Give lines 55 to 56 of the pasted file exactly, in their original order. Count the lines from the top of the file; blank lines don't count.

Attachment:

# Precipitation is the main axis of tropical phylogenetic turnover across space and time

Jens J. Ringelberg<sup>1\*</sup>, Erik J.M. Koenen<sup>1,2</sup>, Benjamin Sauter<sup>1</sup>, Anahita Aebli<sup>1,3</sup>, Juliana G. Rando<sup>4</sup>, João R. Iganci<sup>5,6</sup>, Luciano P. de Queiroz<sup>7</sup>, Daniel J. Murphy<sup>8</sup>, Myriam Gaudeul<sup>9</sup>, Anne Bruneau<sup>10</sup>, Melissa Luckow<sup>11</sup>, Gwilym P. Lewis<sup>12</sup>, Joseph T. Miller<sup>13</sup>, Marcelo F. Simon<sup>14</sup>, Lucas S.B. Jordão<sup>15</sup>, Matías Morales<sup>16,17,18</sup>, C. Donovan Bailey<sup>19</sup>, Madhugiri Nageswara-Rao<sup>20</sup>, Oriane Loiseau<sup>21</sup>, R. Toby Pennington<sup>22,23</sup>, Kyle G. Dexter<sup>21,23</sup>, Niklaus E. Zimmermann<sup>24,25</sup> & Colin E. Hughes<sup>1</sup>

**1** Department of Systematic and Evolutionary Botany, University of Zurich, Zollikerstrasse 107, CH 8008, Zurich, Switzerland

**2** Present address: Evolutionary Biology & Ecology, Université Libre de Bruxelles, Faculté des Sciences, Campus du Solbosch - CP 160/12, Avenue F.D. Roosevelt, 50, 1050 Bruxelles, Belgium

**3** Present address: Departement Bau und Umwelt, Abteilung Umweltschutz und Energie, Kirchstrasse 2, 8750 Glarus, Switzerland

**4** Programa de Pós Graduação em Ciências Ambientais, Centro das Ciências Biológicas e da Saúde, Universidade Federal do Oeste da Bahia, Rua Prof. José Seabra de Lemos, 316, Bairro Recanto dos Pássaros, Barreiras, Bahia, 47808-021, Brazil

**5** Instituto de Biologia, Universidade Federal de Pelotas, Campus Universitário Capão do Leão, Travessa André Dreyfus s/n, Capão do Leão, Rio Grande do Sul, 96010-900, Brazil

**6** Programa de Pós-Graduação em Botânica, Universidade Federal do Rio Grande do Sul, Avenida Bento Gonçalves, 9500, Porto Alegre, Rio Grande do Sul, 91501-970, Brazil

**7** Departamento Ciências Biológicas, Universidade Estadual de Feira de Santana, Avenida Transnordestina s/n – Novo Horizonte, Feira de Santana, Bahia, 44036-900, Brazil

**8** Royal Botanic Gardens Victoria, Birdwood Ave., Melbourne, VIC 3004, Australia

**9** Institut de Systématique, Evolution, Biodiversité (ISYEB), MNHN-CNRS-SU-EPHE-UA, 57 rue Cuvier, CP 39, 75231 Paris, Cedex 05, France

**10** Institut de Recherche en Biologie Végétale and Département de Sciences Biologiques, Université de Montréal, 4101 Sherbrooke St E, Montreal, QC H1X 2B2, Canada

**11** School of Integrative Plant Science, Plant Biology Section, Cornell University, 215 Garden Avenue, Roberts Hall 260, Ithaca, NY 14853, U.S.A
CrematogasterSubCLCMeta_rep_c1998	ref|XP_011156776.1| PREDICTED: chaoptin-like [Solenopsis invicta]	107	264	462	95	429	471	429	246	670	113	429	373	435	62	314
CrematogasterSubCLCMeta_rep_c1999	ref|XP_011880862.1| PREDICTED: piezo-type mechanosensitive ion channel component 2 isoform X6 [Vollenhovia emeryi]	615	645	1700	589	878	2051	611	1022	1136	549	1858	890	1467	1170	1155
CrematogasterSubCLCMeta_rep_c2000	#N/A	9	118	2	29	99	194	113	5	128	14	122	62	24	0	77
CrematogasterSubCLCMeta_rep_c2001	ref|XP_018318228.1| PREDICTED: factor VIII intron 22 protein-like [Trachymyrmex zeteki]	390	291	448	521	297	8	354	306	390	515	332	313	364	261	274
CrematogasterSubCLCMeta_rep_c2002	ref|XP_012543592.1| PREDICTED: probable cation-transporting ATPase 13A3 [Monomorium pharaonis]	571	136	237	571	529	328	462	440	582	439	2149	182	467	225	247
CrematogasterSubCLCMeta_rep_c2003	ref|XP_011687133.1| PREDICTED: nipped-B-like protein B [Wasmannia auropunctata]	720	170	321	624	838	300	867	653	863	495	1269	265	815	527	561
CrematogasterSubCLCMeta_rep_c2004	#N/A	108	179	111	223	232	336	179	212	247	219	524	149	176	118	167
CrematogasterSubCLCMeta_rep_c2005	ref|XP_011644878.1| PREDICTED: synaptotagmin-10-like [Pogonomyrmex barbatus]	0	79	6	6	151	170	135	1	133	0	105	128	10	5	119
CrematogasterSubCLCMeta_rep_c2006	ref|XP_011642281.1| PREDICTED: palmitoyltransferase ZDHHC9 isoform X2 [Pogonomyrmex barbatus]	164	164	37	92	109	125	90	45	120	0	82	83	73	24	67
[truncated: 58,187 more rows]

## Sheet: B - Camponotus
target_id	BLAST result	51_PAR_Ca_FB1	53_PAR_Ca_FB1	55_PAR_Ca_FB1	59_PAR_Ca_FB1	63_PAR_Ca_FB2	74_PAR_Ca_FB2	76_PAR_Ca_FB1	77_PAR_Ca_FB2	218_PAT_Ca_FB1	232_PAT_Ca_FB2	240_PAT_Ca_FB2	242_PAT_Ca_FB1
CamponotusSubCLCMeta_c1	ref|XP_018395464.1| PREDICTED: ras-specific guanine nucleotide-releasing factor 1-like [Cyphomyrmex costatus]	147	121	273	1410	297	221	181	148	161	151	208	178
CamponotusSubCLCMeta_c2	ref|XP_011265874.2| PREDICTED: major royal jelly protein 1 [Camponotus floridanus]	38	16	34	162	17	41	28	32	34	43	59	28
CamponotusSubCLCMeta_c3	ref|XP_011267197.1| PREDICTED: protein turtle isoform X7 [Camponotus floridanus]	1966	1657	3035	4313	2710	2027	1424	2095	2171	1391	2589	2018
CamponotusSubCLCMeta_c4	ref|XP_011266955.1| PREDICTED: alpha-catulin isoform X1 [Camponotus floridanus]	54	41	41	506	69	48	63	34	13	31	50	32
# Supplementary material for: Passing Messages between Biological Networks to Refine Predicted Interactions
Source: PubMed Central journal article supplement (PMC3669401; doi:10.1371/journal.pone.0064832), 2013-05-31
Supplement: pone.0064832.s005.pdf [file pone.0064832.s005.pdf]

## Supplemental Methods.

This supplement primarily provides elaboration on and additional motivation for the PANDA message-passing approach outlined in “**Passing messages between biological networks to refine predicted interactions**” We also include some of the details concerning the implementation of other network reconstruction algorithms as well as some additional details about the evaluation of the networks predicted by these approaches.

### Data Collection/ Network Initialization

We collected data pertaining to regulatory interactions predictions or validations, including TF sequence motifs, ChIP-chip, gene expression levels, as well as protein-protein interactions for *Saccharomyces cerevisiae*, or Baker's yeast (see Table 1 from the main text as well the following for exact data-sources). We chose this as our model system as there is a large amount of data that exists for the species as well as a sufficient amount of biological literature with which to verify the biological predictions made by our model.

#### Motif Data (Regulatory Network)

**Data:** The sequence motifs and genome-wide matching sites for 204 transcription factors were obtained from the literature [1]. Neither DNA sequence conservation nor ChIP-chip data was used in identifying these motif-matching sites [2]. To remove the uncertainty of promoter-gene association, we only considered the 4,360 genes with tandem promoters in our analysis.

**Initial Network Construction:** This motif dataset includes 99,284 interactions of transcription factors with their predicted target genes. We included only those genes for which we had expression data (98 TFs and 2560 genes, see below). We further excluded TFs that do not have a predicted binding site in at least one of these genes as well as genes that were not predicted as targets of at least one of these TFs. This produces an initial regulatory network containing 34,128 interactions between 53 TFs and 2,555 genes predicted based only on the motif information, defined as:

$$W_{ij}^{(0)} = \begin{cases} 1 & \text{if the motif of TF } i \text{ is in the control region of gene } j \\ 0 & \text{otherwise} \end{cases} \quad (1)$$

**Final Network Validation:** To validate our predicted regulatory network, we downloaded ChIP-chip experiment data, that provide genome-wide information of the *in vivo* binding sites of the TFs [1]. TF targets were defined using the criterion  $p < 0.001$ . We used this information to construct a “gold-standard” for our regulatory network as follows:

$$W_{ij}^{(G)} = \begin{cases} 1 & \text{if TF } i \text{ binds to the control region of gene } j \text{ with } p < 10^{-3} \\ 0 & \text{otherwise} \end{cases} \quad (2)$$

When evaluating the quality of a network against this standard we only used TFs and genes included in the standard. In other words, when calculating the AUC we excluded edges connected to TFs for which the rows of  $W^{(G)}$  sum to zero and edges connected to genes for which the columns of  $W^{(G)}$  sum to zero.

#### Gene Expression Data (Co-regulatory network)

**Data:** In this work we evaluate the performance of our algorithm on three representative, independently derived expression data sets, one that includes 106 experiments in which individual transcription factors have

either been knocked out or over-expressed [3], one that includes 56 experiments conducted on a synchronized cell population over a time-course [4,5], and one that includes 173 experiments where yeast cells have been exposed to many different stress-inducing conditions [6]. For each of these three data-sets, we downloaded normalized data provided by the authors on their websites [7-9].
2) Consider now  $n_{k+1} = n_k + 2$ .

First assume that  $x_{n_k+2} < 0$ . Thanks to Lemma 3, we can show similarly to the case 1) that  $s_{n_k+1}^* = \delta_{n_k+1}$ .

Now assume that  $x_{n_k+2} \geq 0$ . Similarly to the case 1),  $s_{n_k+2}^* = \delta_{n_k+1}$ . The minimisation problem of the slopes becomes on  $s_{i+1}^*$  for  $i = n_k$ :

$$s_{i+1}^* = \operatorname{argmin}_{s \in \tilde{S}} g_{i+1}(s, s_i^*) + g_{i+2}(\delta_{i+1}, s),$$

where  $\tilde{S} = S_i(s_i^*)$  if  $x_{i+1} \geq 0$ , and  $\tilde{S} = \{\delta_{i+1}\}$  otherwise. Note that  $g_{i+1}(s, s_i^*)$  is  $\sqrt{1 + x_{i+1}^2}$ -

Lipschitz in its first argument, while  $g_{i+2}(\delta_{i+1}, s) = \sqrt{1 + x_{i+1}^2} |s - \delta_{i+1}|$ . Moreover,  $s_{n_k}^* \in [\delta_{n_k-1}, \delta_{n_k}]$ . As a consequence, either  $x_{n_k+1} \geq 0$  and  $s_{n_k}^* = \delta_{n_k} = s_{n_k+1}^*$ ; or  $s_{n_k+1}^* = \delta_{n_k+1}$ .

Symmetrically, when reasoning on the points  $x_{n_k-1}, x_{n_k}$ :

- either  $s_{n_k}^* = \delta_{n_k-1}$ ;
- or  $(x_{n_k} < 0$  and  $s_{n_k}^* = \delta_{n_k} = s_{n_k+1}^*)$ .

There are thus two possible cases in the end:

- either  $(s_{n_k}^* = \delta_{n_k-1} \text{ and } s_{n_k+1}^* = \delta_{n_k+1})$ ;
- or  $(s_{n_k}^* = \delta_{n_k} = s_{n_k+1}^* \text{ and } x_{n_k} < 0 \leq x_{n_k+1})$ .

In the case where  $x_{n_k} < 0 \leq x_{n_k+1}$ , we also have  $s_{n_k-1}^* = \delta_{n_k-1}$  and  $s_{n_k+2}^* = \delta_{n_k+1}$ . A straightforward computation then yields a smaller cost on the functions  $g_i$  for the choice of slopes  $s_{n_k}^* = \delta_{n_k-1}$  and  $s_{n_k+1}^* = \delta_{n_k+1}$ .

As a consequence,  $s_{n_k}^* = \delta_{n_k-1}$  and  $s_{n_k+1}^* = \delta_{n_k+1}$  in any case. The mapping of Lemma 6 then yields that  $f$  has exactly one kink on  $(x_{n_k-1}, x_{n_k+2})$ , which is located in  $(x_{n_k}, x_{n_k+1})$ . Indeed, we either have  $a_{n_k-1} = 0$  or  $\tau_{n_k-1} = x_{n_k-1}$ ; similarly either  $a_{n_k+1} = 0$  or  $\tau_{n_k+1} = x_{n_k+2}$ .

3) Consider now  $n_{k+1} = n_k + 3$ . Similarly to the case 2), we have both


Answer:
- or  $(x_{n_k} < 0$  and  $s_{n_k}^* = \delta_{n_k} = s_{n_k+1}^*)$ .

There are thus two possible cases in the end: